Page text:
Commentary: Oil puts chemicals over a barrel
The sharp decline in crude oil prices should lead to lower petrochemical prices. Even as oil-based feedstocks become cheaper, the price impact will outweigh any cost relief
The collapse in crude oil prices will cause pain for petrochemical companies. One might think that lower oil prices would result in lower feedstock costs, boosting margins. This dynamic may work to some extent, but is far outweighed by the impact on prices.
Chemical prices move with crude oil, and the impact on margins tends to be more favourable on the upside versus the downside. Why? Because when oil prices are moving higher, producers dictate the conversation on pricing. Conversely, on the downside, the pricing discussions are dominated by buyers.
The coming impact of rapidly falling crude oil prices is being signalled by the sharp declines in chemical stock prices. As of the close of 15 October, LyondellBasell is down 25% from its high of $114.59 reached on 5 September 2014. Westlake Chemical fell 29% from its high of $97.96 on 2 September. A more diversified Dow Chemical is off by 20% from its $54.80 high reached on 5 September.
It’s not hard to understand why. Chemical companies with significant assets in the US have been getting a double benefit – not only do they use mainly low natural gas based feedstocks, but also reap the benefit of high chemical prices which are based on crude oil.
Although around 80% of US cracker feedstocks are derived from natural gas liquids (NGLs) – ethane (58%) and propane and butane (22%) based on 2013 statistics from ICIS – US chemical prices follow crude oil.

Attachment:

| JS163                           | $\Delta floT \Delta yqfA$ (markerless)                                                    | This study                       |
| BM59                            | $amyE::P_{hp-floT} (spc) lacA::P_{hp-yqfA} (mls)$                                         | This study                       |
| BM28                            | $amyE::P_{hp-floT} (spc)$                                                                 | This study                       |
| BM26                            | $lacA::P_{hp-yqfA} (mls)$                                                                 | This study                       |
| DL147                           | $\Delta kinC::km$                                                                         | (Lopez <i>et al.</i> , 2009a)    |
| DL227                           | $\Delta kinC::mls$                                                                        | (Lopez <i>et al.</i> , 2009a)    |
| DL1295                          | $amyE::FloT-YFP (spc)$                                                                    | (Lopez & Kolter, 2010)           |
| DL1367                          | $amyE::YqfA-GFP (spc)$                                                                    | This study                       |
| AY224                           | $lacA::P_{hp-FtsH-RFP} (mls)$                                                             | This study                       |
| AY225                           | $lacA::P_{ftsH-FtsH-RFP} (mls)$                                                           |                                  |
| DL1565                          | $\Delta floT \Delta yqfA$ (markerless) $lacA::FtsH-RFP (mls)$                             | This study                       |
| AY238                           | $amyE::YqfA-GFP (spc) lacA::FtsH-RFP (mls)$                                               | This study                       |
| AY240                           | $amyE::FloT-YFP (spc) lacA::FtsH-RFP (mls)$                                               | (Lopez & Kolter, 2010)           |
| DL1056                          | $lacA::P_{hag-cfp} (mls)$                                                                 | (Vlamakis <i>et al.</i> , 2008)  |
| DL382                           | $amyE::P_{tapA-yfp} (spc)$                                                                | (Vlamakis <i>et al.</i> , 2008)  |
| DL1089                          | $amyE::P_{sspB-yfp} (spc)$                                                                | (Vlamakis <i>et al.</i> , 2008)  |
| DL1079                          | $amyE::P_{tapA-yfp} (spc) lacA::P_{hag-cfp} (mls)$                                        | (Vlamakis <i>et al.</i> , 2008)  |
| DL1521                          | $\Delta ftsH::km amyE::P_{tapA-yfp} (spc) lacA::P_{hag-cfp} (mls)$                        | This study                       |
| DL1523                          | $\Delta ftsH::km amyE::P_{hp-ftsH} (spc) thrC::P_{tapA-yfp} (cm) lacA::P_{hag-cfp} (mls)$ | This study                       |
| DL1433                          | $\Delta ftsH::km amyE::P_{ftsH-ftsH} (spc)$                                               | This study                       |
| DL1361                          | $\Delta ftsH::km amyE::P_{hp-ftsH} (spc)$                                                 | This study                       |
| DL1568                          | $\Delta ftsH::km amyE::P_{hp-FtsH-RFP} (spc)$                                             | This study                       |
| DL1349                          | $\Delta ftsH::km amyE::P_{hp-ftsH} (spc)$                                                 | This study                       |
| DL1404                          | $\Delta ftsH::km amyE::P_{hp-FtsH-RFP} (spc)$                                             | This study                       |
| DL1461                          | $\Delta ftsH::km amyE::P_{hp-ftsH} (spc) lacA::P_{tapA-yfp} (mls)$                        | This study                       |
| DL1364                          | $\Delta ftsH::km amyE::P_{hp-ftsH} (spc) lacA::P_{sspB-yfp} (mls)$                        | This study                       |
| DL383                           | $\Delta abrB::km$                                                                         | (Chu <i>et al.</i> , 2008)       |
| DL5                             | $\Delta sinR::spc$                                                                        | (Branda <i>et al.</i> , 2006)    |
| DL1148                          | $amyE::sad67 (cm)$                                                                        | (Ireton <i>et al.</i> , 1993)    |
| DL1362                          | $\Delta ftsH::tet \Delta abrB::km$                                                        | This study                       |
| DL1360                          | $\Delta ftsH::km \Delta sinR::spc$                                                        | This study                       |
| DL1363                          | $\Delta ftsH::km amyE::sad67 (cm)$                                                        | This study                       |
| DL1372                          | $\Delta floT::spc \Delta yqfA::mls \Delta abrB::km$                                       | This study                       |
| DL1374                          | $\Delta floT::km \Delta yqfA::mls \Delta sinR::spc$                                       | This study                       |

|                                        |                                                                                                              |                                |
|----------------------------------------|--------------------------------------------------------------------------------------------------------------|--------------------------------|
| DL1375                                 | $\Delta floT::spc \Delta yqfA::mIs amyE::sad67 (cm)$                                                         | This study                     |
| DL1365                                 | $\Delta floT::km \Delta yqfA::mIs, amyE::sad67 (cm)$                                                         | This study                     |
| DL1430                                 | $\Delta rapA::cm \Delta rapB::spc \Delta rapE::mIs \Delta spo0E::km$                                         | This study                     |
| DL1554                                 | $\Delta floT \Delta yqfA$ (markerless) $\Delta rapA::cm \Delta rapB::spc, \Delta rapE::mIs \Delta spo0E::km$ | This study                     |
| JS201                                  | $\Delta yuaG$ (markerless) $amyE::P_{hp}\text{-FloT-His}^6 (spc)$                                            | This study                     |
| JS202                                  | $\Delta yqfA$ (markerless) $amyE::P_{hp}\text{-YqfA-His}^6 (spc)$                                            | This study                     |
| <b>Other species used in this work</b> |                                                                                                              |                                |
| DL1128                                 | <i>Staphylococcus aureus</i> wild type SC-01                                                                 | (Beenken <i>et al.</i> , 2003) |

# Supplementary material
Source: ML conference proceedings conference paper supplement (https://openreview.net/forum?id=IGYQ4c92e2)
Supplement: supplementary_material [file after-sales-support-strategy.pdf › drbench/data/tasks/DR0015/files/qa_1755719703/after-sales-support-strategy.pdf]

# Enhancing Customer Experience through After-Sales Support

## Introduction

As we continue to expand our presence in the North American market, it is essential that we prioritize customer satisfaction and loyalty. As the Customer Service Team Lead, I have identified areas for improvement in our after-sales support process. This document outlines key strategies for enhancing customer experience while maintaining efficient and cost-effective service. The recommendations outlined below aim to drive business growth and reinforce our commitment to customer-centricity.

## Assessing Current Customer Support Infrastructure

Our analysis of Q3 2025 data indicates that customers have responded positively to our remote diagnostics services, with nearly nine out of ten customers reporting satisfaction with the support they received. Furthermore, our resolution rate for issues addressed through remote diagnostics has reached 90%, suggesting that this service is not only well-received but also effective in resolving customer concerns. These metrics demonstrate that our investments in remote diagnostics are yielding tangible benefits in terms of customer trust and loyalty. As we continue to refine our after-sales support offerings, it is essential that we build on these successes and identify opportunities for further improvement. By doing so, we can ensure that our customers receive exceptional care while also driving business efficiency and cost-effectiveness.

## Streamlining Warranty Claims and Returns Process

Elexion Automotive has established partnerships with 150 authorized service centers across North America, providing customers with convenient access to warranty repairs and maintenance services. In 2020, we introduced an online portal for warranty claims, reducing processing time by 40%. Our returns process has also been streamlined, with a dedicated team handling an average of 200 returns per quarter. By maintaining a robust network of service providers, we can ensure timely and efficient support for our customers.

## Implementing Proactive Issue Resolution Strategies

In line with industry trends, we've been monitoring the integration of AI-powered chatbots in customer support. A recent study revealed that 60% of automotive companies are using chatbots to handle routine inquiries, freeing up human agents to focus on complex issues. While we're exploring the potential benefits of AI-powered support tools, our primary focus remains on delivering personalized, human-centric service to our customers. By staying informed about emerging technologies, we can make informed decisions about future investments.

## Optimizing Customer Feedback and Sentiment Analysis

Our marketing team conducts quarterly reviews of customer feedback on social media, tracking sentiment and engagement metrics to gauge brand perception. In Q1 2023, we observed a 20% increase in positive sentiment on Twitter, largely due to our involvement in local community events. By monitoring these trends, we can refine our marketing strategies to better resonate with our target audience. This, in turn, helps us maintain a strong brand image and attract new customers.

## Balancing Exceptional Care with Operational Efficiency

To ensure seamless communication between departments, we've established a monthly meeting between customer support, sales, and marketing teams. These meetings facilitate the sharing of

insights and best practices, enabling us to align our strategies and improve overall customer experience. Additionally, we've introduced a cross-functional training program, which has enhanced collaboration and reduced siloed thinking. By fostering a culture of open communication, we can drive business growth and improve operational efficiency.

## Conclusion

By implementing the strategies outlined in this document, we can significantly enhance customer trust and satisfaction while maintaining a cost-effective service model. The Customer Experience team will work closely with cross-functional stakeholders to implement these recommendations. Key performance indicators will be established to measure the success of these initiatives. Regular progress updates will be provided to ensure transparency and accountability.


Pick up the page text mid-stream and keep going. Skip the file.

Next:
An ICIS analysis of the relationship since 2000 between US chemical prices as measured by the US ICIS Petrochemical Index (IPEX), Brent crude oil and Henry Hub natural gas, reveals that the US IPEX and Brent crude oil have an R2 (r-squared) of 86.6%. This is a significant degree of correlation.
In stark contrast, even as 80% of cracker feedstocks are based on natural gas, the R2 between the US IPEX and natural gas is just 2.0% – essentially there has been no correlation.
Big beneficiaries of the dynamic of using feedstocks based on low US natural gas costs and selling prices based on high crude oil have been the commodity petrochemicals and polymers companies LyondellBasell and Westlake – they’ve been the biggest gainers in the past two years, and have fallen the hardest as crude oil collapsed.
“Oil’s rapid fall forces a reset of expectations. Falling feedstocks could help downstream margins for a while, but volumes in petrochemical value chains and energy-efficiency applications could be challenged,” said Laurence Alexander, analyst with investment bank Jefferies.
“The bridge to 17% consensus earnings per share (EPS) growth in the [US chemical] sector in 2015 appears fraught. Aggregate chemical EBITDA [earnings before interest, tax, depreciation and amortisation] has benefited from wide arbitrages. Can the sector decouple the way it did in the 1990s?” he added.
In the 1990s, crude oil prices fell and were relatively low, but US chemical companies enjoyed solid though varying levels of profitability.
But the impact of lower crude oil prices should also be felt in Europe – and not in a positive way, even as the petrochemical sector there uses primarily oil-based naphtha for feedstock.
BASF’s share price, as of 14 October, is down 17% from its interim high of €79.50 reached on 26 August, and down 25% since its 20 June high of €87.36. Of course the Germany-based company does have major assets in the US, along with direct exposure to oil through its Wintershall oil and gas production subsidiary. Other Europe-based chemical companies Solvay, LANXESS and Arkema, have also seen their stock prices clipped since early September, though with less severity than US commodity players.
If crude oil price weakness persists or worsens, expect financial analysts to start slashing 2015 profit estimates across the board and worldwide.
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